Causes and symptoms
Sepsis can originate anywhere bacteria can gain entry to the body; common sites include the genitourinary tract, the liver and its bile ducts, the gastrointestinal tract, and the lungs. Broken or ulcerated skin can also provide access to bacteria commonly present in the environment. Invasive medical procedures, including dental work, can introduce bacteria or permit it to accumulate. Entry points and equipment left in place for any length of time present a particular risk. Heart valve replacement, catheters, ostomy sites, intravenous (IV) or arterial lines, surgical wounds, or surgical drains are examples. IV drug users are at high risk as well.
People with inefficient immune systems or blood disorders are at particular risk for sepsis and have a higher death rate (up to 60%); in people who have no underlying chronic disease, the death rate is far lower (about 5%). The growing problem of antibiotic resistance has increased the incidence of sepsis, partly because ordinary preventive measures (such as prophylactic antibiotics) are less effective.
The most common symptom of sepsis is fever, often accompanied by chills or shaking, or other flu-like symptoms. A history of any recent invasive procedure or dental work should raise the suspicion of sepsis and medical help should be sought.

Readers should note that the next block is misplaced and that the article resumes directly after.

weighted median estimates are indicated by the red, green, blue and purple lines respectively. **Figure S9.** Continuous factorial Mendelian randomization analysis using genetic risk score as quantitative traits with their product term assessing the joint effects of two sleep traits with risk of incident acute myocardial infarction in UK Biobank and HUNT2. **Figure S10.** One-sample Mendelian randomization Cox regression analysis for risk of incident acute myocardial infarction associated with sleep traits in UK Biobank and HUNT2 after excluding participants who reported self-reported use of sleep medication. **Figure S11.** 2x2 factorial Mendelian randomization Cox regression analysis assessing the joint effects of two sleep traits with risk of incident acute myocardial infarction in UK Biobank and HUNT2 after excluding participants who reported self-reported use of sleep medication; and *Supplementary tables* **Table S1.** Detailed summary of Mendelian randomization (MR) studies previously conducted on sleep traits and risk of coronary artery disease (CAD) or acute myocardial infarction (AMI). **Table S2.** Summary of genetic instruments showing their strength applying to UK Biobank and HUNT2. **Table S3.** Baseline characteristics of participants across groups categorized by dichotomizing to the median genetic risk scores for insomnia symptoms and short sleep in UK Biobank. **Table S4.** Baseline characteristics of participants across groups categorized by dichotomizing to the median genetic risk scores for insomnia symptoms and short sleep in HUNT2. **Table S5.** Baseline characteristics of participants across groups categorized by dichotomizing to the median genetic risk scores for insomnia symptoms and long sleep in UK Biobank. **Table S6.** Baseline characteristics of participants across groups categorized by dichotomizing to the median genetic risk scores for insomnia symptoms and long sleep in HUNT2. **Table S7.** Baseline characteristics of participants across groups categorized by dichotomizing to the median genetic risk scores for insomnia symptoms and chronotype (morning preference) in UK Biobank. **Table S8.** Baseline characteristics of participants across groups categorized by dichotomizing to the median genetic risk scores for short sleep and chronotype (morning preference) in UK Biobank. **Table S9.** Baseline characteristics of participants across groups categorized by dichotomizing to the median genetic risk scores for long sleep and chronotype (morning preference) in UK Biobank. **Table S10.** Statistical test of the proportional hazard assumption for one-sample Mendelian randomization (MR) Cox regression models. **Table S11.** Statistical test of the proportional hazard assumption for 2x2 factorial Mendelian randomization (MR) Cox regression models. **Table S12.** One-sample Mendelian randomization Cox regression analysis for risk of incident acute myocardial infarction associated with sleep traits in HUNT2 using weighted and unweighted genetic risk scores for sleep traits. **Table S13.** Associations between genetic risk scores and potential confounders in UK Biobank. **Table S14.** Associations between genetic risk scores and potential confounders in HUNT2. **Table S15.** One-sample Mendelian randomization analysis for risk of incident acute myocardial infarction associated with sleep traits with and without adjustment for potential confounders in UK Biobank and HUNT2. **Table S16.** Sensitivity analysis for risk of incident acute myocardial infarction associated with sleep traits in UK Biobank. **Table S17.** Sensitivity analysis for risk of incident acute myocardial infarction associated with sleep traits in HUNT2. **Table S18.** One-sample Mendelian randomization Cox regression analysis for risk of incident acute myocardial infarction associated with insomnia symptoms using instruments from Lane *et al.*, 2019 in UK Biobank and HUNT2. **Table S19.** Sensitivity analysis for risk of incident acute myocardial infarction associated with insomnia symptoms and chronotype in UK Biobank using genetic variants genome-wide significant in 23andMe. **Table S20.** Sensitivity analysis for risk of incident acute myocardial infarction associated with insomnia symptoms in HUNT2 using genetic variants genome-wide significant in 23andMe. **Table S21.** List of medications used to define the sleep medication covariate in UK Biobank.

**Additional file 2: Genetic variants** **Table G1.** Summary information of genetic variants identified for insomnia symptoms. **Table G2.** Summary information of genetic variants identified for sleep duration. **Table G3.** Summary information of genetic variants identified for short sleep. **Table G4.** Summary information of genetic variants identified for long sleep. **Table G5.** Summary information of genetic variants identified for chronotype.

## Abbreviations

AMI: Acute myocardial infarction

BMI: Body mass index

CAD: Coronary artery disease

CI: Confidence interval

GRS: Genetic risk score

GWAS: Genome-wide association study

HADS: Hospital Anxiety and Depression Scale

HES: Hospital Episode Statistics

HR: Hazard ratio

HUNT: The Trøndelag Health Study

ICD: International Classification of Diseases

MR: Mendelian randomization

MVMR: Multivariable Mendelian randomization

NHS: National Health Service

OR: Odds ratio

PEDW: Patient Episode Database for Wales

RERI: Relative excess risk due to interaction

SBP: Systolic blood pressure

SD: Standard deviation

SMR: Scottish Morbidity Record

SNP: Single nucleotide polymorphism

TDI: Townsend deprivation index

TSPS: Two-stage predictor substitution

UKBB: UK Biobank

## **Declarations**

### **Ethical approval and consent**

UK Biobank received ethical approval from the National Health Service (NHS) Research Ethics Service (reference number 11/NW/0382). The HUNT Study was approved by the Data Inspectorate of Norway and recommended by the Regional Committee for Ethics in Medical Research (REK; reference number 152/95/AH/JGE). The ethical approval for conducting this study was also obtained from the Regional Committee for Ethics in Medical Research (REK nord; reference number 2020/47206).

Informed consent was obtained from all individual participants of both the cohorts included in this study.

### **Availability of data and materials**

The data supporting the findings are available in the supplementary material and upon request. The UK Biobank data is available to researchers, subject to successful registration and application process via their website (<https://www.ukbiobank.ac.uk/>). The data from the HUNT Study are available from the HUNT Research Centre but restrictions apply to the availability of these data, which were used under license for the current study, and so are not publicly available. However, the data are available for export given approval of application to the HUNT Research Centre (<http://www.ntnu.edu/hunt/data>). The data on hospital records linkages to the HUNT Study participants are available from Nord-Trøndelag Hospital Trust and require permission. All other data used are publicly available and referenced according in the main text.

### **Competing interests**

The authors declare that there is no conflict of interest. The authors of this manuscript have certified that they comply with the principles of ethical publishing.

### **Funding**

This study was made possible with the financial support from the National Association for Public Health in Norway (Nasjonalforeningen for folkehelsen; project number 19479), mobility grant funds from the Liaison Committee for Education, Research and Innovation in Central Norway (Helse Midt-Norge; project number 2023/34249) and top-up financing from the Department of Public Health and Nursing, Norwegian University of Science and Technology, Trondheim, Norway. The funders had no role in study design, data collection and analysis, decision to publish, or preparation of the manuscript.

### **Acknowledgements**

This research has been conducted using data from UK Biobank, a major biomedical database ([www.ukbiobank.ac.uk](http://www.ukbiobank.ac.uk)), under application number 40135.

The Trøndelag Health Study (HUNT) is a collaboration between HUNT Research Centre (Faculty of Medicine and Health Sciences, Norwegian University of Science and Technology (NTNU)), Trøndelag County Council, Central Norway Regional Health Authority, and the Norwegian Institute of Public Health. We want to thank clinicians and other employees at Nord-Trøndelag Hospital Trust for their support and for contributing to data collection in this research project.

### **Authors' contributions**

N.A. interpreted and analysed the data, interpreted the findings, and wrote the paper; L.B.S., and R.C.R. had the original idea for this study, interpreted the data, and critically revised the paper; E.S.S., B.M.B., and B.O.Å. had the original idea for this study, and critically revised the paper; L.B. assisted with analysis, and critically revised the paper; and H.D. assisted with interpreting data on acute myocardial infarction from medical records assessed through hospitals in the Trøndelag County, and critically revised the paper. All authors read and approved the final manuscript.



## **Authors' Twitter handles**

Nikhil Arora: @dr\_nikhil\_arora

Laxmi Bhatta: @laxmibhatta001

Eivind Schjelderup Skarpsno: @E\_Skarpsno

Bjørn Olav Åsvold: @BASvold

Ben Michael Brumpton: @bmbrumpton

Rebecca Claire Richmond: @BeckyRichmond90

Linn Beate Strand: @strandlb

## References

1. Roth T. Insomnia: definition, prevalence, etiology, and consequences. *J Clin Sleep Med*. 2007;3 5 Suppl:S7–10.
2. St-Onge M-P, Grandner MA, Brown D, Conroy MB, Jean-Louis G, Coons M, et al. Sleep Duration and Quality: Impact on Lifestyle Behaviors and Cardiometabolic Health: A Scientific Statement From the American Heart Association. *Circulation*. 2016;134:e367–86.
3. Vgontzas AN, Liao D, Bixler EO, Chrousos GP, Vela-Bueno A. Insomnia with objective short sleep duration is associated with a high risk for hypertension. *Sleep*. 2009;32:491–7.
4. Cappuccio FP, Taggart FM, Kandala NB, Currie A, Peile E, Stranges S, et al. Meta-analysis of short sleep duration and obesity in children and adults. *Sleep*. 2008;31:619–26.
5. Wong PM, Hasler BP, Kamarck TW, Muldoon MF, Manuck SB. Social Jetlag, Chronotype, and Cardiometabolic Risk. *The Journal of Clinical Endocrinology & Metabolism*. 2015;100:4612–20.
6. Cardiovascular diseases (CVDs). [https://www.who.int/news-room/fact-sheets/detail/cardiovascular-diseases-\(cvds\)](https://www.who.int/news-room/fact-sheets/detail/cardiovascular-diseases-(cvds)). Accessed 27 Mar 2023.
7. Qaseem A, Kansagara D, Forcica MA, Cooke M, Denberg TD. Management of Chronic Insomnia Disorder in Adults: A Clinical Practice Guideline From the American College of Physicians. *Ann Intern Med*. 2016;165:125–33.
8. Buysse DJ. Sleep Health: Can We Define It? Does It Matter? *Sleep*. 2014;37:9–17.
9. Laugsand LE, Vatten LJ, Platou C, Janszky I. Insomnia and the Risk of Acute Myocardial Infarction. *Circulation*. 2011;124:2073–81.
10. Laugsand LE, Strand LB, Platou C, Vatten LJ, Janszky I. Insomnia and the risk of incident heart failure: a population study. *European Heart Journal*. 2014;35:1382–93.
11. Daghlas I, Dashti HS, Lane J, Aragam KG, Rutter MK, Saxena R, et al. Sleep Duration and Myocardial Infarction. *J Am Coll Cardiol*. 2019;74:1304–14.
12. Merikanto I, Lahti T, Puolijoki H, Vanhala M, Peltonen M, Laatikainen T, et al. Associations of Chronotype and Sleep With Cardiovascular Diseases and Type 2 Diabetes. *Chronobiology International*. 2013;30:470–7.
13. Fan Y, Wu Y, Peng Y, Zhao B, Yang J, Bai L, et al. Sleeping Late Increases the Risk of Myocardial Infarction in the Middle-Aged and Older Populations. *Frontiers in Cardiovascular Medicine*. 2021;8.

The presence of sepsis is indicated by blood tests showing particularly high or low white blood cell counts. The causative agent is determined by blood culture.
Identifying the specific causative agent ultimately determines how sepsis is treated. However, time is of the essence, so a broad-spectrum antibiotic or multiple antibiotics will be administered until blood cultures reveal the culprit and treatment can be made specific to the organism. Intravenous antibiotic therapy is usually necessary and is administered in the hospital.
Jill S. Lasker